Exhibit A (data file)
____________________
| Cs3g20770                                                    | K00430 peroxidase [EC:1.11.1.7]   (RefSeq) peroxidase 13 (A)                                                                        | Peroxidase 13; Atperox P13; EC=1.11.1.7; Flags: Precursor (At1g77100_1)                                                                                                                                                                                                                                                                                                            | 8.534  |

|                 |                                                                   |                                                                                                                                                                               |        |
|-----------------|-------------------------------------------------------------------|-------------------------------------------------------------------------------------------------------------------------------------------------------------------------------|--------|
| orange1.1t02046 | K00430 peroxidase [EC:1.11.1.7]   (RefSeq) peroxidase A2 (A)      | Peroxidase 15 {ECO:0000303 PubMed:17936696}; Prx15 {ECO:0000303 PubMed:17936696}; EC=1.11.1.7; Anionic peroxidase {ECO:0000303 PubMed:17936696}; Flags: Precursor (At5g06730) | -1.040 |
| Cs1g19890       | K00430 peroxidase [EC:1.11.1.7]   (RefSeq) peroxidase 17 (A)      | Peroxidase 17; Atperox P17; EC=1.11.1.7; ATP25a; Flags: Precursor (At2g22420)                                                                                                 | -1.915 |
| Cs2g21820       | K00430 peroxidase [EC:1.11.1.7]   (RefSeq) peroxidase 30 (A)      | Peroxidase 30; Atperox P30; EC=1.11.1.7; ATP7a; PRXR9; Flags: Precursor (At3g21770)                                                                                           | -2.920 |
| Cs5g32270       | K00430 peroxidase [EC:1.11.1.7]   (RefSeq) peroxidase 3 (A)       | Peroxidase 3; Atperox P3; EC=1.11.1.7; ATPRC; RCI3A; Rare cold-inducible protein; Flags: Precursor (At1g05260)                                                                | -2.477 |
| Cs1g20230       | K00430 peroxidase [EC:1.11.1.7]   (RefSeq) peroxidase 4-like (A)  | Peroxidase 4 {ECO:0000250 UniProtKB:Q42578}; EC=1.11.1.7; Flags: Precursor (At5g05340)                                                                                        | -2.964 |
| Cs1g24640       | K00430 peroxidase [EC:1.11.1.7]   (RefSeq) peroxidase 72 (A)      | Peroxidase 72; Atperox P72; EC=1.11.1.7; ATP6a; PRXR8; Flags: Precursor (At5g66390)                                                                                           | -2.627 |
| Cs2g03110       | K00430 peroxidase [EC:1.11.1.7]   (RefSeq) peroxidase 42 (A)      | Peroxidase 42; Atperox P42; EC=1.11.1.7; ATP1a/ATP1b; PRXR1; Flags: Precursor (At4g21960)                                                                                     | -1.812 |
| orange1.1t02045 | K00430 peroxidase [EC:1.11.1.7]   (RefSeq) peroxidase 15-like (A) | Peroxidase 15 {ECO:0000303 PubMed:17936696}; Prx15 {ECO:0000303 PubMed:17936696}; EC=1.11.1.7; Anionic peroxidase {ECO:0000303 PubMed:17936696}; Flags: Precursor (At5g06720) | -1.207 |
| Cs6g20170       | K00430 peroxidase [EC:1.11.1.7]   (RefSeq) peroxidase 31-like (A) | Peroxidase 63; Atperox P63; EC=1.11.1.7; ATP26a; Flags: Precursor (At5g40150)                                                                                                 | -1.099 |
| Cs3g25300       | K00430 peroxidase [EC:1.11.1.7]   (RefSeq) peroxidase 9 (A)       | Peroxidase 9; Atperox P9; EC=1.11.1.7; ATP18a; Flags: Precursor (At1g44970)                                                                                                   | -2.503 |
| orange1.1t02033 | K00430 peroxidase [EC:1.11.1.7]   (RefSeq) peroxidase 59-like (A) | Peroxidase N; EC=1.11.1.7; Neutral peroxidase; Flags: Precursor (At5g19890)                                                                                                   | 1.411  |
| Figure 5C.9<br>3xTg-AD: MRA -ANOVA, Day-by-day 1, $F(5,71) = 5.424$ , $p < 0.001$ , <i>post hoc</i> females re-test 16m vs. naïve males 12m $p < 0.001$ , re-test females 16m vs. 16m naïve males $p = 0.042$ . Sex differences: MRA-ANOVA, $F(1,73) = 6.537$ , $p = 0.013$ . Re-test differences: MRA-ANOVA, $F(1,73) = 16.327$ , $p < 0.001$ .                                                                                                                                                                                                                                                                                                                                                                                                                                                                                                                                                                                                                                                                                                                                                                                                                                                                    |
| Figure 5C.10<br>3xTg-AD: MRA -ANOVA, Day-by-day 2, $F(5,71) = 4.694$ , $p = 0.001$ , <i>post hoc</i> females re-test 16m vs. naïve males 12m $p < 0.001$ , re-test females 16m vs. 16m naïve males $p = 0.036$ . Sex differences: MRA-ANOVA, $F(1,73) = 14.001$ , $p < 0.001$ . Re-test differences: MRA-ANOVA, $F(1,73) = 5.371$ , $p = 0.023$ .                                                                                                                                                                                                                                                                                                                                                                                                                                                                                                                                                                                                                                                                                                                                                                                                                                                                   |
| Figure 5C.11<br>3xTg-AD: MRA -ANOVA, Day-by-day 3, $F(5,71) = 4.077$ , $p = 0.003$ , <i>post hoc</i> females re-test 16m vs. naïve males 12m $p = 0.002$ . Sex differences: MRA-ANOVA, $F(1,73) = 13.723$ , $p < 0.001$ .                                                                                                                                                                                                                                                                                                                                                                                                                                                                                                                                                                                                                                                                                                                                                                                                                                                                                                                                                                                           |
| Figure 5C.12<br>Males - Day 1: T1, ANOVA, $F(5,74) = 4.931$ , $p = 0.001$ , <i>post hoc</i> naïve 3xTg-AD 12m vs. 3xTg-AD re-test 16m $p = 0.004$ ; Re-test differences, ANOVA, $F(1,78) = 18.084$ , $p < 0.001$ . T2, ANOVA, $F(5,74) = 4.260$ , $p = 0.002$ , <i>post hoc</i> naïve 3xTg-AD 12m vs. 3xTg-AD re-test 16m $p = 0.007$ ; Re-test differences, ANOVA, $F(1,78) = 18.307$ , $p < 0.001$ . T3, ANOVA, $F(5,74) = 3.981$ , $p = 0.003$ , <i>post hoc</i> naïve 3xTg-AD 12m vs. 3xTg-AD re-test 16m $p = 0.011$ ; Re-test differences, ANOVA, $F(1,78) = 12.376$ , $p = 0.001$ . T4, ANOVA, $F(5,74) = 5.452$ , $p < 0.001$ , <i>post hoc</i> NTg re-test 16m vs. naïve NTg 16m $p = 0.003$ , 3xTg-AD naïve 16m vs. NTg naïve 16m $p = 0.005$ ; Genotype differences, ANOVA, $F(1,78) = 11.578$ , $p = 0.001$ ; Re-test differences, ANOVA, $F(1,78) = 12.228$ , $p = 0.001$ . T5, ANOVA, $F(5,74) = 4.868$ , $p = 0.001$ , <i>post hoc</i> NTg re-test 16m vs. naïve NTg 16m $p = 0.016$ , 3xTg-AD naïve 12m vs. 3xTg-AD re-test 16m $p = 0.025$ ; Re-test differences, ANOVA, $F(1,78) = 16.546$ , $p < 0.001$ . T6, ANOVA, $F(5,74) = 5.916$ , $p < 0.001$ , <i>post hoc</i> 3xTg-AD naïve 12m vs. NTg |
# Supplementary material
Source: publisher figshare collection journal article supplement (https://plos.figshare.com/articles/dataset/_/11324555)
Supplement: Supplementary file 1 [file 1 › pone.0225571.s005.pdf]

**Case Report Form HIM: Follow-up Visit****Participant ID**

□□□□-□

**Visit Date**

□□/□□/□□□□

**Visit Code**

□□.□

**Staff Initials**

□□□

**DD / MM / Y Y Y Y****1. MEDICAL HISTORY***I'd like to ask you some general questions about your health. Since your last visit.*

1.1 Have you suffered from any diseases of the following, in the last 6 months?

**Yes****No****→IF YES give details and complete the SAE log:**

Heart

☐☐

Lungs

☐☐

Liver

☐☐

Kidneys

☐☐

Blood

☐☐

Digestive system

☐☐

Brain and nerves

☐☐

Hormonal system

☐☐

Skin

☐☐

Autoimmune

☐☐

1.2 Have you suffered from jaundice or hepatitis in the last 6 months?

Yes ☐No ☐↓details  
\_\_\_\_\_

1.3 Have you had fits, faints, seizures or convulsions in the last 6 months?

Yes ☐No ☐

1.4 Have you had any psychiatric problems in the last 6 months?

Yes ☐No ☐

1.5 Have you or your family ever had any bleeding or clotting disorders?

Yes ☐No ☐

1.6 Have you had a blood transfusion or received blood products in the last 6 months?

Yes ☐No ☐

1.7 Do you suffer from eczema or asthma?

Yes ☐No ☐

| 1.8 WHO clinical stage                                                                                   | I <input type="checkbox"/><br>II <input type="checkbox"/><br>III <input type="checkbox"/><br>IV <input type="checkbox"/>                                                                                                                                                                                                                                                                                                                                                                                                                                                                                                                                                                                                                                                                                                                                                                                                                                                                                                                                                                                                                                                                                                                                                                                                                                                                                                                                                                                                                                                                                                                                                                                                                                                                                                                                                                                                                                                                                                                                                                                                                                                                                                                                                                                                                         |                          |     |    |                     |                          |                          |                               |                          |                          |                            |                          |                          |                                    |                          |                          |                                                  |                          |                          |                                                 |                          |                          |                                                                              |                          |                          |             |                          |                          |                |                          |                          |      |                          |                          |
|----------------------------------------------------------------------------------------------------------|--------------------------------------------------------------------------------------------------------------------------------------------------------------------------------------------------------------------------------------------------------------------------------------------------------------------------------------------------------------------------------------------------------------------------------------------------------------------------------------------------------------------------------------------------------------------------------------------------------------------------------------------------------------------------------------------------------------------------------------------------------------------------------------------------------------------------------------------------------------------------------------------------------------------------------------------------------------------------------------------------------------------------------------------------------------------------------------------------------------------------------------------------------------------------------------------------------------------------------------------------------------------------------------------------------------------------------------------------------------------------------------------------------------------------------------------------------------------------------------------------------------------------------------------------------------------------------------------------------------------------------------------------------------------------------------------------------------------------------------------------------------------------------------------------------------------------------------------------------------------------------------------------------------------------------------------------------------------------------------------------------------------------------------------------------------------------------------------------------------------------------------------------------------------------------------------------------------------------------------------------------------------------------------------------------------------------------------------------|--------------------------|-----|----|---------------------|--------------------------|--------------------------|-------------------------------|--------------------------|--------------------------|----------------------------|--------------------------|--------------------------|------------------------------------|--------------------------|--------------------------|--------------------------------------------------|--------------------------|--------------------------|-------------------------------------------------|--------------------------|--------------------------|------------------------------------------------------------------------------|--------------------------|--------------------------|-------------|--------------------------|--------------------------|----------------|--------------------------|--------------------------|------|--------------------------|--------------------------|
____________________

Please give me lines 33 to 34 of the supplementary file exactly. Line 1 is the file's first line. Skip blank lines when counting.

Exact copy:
Heart

☐☐